Now, back to the novel.

Nico is 15 years old. The same age her older sister, Sarah, was when she went missing. Her family still hopes that Sarah will one day come back. Then they get a call. Sarah has been found. They fly to Florida to meet her and bring her home. Which is when Nico becomes suspicious. Because Sarah doesn’t look like Sarah. Once they’re back home, Nico’s suspicions only grow. This Sarah has a completely different personality. She doesn’t fit into any of her old shoes. Her natural athletic abilities are all gone. And since when is Sarah so good at math? But Nico is afraid to voice her misgivings. She hated her sister. Now, she has the big sister she always wanted. So she keeps the dark truth about Sarah’s disappearance a secret. A truth that Nico has kept to herself for four years. 

The novel is told mainly from Nico’s point of view. With alternating short chapters from Sarah’s viewpoint during her missing years. And we learn about what Sarah has gone through. Which is heart breaking, by the way. In this way, the suspense is kept up. The mystery slowly unraveling. So when the final twist happens, we’re sympathetic towards Sarah. Not really blaming her for what she’s done.

Honestly, the whole time I was reading this book and wondering if Sarah was really Sarah the same thought kept crossing my mind. Do a damn DNA test! I get why the parents didn’t want to, I guess. Apparently a visual identification was enough for everyone. Including the cops. But I don’t know. I’d want to be 100% sure. Right? Or is it just me?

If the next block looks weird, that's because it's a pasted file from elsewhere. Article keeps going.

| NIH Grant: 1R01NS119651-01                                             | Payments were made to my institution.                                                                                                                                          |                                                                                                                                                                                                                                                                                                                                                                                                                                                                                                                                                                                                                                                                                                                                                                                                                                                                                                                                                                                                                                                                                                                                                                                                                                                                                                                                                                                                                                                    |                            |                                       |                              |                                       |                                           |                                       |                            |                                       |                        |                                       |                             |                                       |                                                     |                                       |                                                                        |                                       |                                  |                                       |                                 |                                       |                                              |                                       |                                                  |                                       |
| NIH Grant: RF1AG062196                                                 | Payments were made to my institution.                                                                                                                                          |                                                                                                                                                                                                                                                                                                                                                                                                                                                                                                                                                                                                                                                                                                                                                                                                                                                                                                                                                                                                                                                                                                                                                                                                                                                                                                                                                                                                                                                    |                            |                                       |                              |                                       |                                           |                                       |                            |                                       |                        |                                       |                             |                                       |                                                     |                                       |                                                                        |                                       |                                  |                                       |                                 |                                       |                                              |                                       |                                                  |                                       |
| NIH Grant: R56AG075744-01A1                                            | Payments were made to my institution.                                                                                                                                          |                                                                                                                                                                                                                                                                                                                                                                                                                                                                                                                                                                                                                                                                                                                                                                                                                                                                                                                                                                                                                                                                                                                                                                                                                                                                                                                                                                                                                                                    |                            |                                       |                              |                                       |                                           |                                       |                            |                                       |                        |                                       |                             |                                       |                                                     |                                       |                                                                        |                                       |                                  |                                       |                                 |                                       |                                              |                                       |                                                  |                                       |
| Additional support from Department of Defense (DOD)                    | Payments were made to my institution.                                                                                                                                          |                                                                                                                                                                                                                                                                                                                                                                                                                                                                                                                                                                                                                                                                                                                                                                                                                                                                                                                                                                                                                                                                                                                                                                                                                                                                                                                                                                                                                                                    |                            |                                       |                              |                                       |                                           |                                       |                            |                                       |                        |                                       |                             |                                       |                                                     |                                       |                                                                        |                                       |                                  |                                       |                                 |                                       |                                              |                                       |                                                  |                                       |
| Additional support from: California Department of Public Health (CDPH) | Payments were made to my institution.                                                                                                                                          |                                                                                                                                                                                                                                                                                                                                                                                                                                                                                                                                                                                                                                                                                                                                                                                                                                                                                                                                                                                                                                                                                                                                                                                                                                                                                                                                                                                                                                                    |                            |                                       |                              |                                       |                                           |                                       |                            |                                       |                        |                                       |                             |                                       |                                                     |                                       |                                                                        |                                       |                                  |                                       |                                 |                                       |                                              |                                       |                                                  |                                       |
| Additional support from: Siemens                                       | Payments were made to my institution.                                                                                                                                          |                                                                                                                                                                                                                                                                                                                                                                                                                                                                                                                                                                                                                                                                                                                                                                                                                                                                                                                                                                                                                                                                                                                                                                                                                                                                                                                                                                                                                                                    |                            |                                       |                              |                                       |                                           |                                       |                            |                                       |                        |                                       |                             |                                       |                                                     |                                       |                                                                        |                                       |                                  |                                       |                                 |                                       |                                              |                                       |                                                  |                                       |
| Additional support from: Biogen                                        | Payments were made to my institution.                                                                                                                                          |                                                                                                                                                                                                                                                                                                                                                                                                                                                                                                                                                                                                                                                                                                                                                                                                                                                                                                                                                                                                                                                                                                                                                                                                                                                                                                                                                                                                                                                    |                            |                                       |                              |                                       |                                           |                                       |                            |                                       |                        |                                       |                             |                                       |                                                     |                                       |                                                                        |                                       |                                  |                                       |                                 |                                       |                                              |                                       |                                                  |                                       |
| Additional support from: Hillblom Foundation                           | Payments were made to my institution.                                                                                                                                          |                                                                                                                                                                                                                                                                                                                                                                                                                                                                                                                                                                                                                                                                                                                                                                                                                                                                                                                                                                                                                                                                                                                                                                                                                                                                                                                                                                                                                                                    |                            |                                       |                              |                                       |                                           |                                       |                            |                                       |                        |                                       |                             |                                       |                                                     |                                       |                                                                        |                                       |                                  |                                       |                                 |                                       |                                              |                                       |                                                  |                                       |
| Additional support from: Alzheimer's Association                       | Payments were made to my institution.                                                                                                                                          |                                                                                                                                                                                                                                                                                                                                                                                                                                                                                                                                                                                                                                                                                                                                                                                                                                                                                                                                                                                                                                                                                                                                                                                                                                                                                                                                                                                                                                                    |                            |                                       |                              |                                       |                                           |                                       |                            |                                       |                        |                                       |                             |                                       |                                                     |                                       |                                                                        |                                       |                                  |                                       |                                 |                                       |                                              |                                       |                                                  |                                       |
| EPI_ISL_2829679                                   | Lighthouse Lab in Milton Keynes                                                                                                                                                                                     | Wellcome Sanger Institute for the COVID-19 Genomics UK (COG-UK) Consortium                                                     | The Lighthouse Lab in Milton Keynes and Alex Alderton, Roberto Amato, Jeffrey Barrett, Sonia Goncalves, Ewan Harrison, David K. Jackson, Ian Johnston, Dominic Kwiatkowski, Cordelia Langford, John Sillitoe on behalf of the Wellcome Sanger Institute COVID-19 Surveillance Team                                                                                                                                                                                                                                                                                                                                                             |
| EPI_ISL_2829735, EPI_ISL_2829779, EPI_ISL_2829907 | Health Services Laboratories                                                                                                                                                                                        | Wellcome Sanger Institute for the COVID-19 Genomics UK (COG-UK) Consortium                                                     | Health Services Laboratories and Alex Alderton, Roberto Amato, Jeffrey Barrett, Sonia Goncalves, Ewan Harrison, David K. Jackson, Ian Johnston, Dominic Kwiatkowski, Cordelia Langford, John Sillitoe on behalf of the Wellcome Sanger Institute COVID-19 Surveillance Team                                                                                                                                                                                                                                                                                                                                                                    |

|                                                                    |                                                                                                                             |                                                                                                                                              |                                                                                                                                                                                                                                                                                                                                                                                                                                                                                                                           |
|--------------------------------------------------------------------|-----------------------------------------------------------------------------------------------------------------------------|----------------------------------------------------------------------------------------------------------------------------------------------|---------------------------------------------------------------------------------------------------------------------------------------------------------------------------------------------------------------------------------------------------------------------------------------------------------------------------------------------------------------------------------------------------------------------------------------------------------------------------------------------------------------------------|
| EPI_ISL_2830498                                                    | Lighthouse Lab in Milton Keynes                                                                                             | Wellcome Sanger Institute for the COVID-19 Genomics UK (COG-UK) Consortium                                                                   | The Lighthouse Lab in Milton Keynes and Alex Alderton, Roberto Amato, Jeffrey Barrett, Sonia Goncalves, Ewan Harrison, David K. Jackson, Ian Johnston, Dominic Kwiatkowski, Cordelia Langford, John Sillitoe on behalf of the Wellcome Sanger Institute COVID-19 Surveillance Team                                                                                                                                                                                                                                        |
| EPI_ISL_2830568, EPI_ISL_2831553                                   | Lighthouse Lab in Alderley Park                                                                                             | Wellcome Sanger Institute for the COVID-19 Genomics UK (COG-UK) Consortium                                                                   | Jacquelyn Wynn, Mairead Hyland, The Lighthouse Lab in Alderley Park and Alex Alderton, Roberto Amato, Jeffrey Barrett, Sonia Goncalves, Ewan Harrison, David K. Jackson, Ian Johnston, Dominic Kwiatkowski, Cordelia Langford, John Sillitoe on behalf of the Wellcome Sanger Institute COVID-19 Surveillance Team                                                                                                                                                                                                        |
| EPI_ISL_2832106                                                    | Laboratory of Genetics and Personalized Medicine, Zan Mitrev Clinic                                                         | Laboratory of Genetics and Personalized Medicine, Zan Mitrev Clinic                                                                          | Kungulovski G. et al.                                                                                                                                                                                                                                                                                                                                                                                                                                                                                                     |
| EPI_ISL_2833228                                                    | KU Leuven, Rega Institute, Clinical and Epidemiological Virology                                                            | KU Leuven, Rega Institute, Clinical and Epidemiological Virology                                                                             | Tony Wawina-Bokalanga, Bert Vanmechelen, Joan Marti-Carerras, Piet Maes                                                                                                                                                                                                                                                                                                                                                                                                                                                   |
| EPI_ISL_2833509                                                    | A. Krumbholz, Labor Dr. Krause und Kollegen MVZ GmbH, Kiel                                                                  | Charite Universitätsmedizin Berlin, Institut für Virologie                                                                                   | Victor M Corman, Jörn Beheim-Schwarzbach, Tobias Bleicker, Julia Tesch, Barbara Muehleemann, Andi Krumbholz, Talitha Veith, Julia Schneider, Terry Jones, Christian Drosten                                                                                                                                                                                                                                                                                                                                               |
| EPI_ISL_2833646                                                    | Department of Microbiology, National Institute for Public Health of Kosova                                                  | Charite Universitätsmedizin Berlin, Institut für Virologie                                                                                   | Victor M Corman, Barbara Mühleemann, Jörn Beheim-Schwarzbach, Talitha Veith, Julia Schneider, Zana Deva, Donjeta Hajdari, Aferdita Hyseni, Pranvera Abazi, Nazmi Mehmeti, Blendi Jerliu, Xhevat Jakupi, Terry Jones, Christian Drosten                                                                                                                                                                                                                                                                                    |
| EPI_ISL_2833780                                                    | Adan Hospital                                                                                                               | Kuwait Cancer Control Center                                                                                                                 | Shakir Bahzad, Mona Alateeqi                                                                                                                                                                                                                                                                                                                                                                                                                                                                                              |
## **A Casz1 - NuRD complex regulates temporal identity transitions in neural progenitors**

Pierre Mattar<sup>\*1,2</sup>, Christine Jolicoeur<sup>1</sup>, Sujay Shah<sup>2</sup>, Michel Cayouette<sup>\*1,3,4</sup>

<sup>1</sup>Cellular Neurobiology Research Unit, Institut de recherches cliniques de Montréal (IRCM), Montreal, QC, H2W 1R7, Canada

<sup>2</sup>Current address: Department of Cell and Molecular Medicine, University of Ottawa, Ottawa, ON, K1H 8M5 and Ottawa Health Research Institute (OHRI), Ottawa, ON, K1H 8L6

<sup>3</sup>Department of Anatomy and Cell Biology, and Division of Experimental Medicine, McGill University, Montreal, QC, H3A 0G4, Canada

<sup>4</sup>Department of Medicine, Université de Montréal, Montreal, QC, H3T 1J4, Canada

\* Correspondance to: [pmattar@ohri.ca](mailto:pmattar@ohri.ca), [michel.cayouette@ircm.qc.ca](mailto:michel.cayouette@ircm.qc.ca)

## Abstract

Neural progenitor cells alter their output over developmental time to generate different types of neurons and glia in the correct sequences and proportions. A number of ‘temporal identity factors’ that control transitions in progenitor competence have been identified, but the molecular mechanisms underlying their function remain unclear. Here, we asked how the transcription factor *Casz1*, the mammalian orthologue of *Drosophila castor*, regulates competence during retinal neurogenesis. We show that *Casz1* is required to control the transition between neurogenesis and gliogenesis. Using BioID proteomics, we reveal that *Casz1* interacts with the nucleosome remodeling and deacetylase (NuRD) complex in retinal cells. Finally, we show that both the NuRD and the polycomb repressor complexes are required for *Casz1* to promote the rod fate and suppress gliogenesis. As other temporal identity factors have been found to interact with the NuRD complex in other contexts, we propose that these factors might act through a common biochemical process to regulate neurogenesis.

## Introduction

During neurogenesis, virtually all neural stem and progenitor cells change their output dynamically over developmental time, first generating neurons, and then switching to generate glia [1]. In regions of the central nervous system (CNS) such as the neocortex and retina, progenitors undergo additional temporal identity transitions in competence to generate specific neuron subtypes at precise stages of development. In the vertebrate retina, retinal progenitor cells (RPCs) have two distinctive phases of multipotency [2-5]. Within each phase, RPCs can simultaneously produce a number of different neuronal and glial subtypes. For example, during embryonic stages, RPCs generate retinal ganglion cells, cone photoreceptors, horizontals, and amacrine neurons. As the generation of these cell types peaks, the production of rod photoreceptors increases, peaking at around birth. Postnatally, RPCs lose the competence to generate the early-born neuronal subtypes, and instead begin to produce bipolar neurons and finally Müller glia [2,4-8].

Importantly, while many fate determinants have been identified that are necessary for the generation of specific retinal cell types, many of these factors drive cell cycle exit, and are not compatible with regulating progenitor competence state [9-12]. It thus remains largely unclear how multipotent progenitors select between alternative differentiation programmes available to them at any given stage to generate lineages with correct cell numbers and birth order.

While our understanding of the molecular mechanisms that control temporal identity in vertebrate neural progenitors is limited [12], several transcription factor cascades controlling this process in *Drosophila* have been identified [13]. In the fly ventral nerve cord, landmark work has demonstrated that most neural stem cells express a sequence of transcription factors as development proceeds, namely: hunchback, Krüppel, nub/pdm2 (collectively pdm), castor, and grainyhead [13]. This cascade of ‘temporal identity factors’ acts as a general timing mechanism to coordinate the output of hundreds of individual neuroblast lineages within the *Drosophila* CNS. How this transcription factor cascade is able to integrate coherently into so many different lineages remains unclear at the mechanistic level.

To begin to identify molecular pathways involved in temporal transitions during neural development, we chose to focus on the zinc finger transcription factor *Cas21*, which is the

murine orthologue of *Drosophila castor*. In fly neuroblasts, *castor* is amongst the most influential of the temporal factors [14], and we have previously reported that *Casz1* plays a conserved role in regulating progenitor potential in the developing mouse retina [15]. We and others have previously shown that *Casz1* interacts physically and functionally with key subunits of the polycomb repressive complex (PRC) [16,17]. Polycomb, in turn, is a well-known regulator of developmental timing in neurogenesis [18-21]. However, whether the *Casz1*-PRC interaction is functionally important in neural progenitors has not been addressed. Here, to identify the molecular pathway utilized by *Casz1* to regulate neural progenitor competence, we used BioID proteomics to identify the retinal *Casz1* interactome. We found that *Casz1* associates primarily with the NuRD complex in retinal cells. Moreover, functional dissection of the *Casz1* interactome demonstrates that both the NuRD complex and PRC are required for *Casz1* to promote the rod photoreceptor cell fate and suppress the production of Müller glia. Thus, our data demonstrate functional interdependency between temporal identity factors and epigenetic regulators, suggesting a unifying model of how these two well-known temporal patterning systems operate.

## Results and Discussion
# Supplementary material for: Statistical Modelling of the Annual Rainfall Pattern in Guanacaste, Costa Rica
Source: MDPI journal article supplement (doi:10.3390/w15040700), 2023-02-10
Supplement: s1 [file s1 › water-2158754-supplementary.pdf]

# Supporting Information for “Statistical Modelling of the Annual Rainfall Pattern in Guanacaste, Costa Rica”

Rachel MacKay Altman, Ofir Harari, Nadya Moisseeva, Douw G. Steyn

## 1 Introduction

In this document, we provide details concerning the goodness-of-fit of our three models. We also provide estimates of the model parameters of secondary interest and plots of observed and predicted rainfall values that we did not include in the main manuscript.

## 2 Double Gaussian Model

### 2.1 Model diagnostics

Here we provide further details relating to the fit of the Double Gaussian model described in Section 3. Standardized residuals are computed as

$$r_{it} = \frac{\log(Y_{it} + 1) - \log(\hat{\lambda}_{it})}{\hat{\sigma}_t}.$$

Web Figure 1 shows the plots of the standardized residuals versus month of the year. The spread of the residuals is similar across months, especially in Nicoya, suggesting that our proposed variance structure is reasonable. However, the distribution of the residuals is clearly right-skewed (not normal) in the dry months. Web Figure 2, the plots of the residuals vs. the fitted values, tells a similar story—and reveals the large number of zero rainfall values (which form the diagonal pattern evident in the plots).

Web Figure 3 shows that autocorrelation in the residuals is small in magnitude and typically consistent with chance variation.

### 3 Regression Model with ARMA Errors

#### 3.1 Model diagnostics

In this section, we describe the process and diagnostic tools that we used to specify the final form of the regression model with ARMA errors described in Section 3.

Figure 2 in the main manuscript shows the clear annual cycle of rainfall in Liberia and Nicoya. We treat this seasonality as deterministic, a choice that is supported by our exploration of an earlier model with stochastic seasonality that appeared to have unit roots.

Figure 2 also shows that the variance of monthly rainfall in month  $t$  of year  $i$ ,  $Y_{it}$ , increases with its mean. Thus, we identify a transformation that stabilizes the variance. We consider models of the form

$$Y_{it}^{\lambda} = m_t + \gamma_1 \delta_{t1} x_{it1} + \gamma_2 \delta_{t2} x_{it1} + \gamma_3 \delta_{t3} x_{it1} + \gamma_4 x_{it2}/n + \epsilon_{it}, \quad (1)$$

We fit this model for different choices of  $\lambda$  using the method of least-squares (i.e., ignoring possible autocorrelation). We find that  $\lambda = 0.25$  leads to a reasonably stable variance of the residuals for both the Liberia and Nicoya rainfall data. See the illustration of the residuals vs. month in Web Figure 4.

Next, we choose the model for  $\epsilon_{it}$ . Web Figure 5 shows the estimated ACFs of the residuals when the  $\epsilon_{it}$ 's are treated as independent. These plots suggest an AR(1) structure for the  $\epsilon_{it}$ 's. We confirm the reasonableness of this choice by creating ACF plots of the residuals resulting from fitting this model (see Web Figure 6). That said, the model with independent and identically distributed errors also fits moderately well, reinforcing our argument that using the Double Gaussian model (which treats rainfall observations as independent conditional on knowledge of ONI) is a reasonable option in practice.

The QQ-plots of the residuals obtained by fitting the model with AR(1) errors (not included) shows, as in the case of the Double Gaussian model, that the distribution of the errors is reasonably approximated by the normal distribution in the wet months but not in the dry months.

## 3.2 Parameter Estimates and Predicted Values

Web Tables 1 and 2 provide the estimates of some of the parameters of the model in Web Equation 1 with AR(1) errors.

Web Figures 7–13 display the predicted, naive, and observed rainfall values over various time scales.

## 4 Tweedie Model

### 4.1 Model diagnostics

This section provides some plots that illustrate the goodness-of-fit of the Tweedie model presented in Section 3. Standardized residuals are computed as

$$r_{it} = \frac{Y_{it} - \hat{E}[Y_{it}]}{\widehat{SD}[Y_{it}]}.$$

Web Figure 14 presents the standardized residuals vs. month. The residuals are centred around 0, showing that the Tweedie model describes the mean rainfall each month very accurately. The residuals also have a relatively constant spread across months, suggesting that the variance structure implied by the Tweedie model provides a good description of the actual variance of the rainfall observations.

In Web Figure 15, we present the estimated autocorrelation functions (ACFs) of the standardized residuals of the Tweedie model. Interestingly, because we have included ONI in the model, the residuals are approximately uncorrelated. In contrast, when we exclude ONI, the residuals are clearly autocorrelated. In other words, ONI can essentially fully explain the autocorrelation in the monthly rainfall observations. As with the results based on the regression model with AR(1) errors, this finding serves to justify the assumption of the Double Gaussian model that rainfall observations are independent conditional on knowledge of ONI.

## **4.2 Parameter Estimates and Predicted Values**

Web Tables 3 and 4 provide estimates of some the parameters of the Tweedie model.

This was a quick read. I read it in one sitting. The story did have me guessing. It seems a bit unbelievable though (a DNA test!). It’s a mystery, yes. But it’s mainly the story of two sisters. Their relationship before the disappearance. And how their relationship progresses once the sister reappears. I would recommend it to anyone who likes a YA mystery. 

*SPOILER ALERT*

The rest of this post contains spoilers.

As stated above, this book was inspired by an actual missing child case. The disappearance of Nicholas Barclay. If you’ve seen the documentary The Imposter, then you’ll know who I’m talking about. If not, you can go here and read about this ongoing missing person investigation. And the stranger who impersonated the missing child. It’s really trippy. Seriously go watch the movie. It’s probably still on Netflix. 

This book left me feeling more compassionate towards Nick Barclay’s family. I always thought it was weird how they wanted the stranger to stay even though they knew he was an imposter. Sarah’s family really wanted Libby to be her. So they seem to have blocked out the differences they saw and felt in Sarah. They just really wanted their child back. And that I can completely understand.